Binance introduced lending this week. The idea is that users will be able to lend to margin traders on the platform. Lending opened on the 28th and almost immediately filled up. Given how busy I was this week, I wasn’t able to participate. However, I’m looking forward to seeing how this progresses in the future and will look to take part when it presumably opens up indefinitely.

Craig Wright Court Ruling

A court recommended that Craig Wright must surrender over $4 billion in Bitcoin to the Kleiman estate. If you’re not familiar with crypto news, then you may not know that Craig Wright has been claiming to be Satoshi Nakamoto for awhile now, and suing anyone who says he’s lying.

One important aspect of public key cryptography is if someone was Satoshi Nakamoto they could prove this fact mathematically. So far, no one has done this. Anyone claiming to be Satoshi who doesn’t prove it cryptographically will be branded a fraud by the crypto community regardless of the evidence they bring in support of their claim.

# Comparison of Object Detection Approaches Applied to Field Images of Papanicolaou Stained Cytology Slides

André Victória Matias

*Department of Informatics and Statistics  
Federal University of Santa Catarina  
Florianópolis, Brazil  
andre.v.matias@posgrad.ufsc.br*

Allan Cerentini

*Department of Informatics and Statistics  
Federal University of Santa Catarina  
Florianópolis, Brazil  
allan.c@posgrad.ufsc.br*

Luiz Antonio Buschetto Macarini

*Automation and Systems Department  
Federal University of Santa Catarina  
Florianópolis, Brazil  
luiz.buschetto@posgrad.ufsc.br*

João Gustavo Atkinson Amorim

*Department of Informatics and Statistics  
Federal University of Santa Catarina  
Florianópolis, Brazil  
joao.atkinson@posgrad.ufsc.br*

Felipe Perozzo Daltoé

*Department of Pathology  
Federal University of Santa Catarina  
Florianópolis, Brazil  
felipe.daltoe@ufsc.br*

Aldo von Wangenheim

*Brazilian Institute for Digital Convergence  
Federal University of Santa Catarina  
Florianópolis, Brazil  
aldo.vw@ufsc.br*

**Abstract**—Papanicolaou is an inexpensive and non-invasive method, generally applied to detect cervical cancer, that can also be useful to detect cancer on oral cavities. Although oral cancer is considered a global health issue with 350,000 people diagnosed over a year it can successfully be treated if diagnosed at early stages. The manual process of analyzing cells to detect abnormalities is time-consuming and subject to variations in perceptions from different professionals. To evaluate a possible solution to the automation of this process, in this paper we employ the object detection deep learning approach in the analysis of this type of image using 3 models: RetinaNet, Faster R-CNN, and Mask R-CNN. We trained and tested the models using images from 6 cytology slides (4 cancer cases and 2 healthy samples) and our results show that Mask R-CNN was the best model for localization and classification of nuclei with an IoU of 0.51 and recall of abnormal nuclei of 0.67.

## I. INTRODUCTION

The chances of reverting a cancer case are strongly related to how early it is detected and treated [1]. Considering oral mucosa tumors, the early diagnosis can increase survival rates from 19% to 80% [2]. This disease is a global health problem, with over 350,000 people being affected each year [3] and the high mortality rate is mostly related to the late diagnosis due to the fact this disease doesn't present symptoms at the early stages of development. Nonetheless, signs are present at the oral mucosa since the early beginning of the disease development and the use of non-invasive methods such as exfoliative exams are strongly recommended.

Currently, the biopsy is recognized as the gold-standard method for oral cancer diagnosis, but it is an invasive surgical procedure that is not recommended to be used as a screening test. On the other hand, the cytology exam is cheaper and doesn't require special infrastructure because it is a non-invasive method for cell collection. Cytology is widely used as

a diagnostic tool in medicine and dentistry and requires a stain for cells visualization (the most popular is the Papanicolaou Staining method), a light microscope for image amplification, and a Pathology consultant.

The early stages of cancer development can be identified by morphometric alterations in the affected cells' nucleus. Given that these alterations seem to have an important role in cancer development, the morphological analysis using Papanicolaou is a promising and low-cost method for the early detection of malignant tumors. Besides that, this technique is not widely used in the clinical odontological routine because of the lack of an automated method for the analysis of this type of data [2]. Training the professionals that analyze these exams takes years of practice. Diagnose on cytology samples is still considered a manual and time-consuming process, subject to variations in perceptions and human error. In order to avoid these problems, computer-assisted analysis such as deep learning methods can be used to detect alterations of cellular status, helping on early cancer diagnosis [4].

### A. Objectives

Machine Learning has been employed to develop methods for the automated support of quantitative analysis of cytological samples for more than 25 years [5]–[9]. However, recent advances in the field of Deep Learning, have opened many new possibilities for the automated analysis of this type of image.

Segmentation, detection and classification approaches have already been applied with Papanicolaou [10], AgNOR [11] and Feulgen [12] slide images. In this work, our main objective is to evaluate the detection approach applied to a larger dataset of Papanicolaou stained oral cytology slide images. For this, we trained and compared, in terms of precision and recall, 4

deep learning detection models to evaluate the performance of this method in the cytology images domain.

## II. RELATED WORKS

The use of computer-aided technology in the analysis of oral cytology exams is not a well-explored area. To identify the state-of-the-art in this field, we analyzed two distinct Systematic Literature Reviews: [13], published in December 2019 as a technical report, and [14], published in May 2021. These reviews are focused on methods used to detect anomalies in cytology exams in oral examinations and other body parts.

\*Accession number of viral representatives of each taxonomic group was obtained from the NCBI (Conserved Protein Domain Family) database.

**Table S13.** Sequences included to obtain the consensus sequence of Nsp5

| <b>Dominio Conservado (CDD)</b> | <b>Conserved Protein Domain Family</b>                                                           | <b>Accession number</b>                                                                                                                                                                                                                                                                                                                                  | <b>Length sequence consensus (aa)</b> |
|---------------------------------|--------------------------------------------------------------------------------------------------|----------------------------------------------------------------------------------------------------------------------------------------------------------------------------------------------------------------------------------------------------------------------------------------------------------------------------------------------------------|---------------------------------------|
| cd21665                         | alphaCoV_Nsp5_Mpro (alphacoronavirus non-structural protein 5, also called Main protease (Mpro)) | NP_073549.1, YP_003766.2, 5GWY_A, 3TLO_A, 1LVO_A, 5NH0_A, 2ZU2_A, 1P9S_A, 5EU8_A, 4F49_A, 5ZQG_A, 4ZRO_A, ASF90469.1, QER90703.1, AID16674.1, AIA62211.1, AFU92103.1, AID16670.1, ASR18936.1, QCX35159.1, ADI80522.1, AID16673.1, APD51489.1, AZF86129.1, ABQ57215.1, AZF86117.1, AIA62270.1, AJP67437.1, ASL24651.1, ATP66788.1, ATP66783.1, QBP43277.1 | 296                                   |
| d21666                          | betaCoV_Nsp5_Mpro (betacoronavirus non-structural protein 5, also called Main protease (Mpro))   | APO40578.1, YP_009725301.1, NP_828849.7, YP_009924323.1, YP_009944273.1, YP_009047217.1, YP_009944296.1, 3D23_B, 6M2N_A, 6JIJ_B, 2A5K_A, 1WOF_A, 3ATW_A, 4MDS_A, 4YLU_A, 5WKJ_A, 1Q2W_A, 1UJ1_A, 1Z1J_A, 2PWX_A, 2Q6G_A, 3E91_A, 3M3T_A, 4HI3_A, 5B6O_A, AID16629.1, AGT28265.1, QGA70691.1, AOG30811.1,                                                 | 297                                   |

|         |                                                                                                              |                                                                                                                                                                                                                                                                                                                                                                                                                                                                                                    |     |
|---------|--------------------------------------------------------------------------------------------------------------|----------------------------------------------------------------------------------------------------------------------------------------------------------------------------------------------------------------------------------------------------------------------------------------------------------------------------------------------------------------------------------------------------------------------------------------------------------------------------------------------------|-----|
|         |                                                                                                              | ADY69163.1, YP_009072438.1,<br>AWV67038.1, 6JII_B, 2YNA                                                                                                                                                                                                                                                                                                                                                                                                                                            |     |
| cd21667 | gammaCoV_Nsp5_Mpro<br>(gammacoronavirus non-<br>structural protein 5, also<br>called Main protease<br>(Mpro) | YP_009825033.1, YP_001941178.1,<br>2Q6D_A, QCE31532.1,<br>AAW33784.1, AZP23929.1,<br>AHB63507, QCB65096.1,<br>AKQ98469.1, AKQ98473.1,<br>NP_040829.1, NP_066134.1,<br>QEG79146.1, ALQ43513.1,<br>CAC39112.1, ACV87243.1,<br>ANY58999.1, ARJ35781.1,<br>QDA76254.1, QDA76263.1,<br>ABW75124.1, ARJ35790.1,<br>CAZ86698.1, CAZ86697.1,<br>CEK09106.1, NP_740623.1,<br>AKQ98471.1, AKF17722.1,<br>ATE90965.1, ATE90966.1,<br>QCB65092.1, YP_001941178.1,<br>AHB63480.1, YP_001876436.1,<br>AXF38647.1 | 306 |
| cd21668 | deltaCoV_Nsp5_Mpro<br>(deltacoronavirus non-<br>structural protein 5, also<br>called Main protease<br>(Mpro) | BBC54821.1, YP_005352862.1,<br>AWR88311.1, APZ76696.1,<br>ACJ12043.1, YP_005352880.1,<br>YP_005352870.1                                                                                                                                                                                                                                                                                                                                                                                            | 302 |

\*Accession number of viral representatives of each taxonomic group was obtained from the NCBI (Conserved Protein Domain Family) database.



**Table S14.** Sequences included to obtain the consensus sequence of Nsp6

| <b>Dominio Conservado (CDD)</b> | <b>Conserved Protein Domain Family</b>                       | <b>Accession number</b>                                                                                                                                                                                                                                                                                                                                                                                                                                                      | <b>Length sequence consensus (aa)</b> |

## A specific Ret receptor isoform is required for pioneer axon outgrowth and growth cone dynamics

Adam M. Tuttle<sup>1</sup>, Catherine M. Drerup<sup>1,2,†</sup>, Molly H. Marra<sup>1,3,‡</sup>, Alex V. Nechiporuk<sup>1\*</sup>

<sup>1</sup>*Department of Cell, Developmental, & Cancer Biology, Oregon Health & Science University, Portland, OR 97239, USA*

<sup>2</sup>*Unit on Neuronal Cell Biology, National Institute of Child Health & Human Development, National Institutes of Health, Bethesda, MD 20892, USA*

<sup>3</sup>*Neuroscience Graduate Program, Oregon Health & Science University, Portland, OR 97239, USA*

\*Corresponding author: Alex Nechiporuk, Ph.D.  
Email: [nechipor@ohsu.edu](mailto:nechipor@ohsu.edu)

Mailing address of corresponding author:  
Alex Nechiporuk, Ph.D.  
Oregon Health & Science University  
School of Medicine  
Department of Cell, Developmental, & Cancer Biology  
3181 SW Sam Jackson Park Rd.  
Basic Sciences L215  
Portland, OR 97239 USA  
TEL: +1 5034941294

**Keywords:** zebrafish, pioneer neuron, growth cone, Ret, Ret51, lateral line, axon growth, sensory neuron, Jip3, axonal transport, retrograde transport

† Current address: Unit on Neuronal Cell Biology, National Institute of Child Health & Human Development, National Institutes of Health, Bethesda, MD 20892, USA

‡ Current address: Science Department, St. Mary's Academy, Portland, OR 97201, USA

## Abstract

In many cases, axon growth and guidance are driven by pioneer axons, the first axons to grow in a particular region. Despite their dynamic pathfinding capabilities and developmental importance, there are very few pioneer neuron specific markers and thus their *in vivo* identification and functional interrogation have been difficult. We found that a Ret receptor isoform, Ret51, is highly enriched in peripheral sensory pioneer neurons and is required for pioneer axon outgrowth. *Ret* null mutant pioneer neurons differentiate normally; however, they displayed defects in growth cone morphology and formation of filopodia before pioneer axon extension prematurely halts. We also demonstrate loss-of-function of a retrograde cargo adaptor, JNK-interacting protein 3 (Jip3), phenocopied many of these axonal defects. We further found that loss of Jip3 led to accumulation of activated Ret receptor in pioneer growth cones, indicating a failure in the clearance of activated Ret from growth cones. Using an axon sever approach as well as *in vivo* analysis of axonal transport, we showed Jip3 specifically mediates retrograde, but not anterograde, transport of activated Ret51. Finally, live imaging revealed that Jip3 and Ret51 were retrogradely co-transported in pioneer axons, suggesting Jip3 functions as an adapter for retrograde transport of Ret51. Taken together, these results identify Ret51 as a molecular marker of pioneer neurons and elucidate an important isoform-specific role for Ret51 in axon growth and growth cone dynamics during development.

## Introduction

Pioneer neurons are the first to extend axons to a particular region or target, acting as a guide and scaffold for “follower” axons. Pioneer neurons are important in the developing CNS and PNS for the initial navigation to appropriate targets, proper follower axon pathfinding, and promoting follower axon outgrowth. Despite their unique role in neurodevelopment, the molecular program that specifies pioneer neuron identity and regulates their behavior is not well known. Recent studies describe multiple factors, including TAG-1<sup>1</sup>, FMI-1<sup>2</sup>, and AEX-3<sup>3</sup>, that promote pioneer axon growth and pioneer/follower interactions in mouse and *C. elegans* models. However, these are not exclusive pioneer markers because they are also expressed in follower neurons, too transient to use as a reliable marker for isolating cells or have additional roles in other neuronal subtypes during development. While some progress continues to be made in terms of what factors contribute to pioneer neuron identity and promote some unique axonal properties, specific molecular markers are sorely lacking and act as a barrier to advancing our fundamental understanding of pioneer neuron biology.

I think what’s happened is both Craig and Kleiman were early adopters of Bitcoin. They both purchased and mined Bitcoin early. They formed some kind of business relationship and, since the Bitcoin wasn’t worth much back then, were exchanging keys or using multi-sigs. After Kleiman passed away Craig took all of the Bitcoin they held jointly and now the Kleiman family wants Kleiman’s Bitcoin back. If Craig and Kleiman used a multi-sig and Kleiman held part of the private key (he’s since passed away), then there is a chance that Craig is telling the truth in that he cannot access the Bitcoin. Also, if my conjecture is correct, the court case has nothing to do with Satoshi Nakamoto. Although, it makes the headline more appealing if Craig’s Satoshi claims are included in it.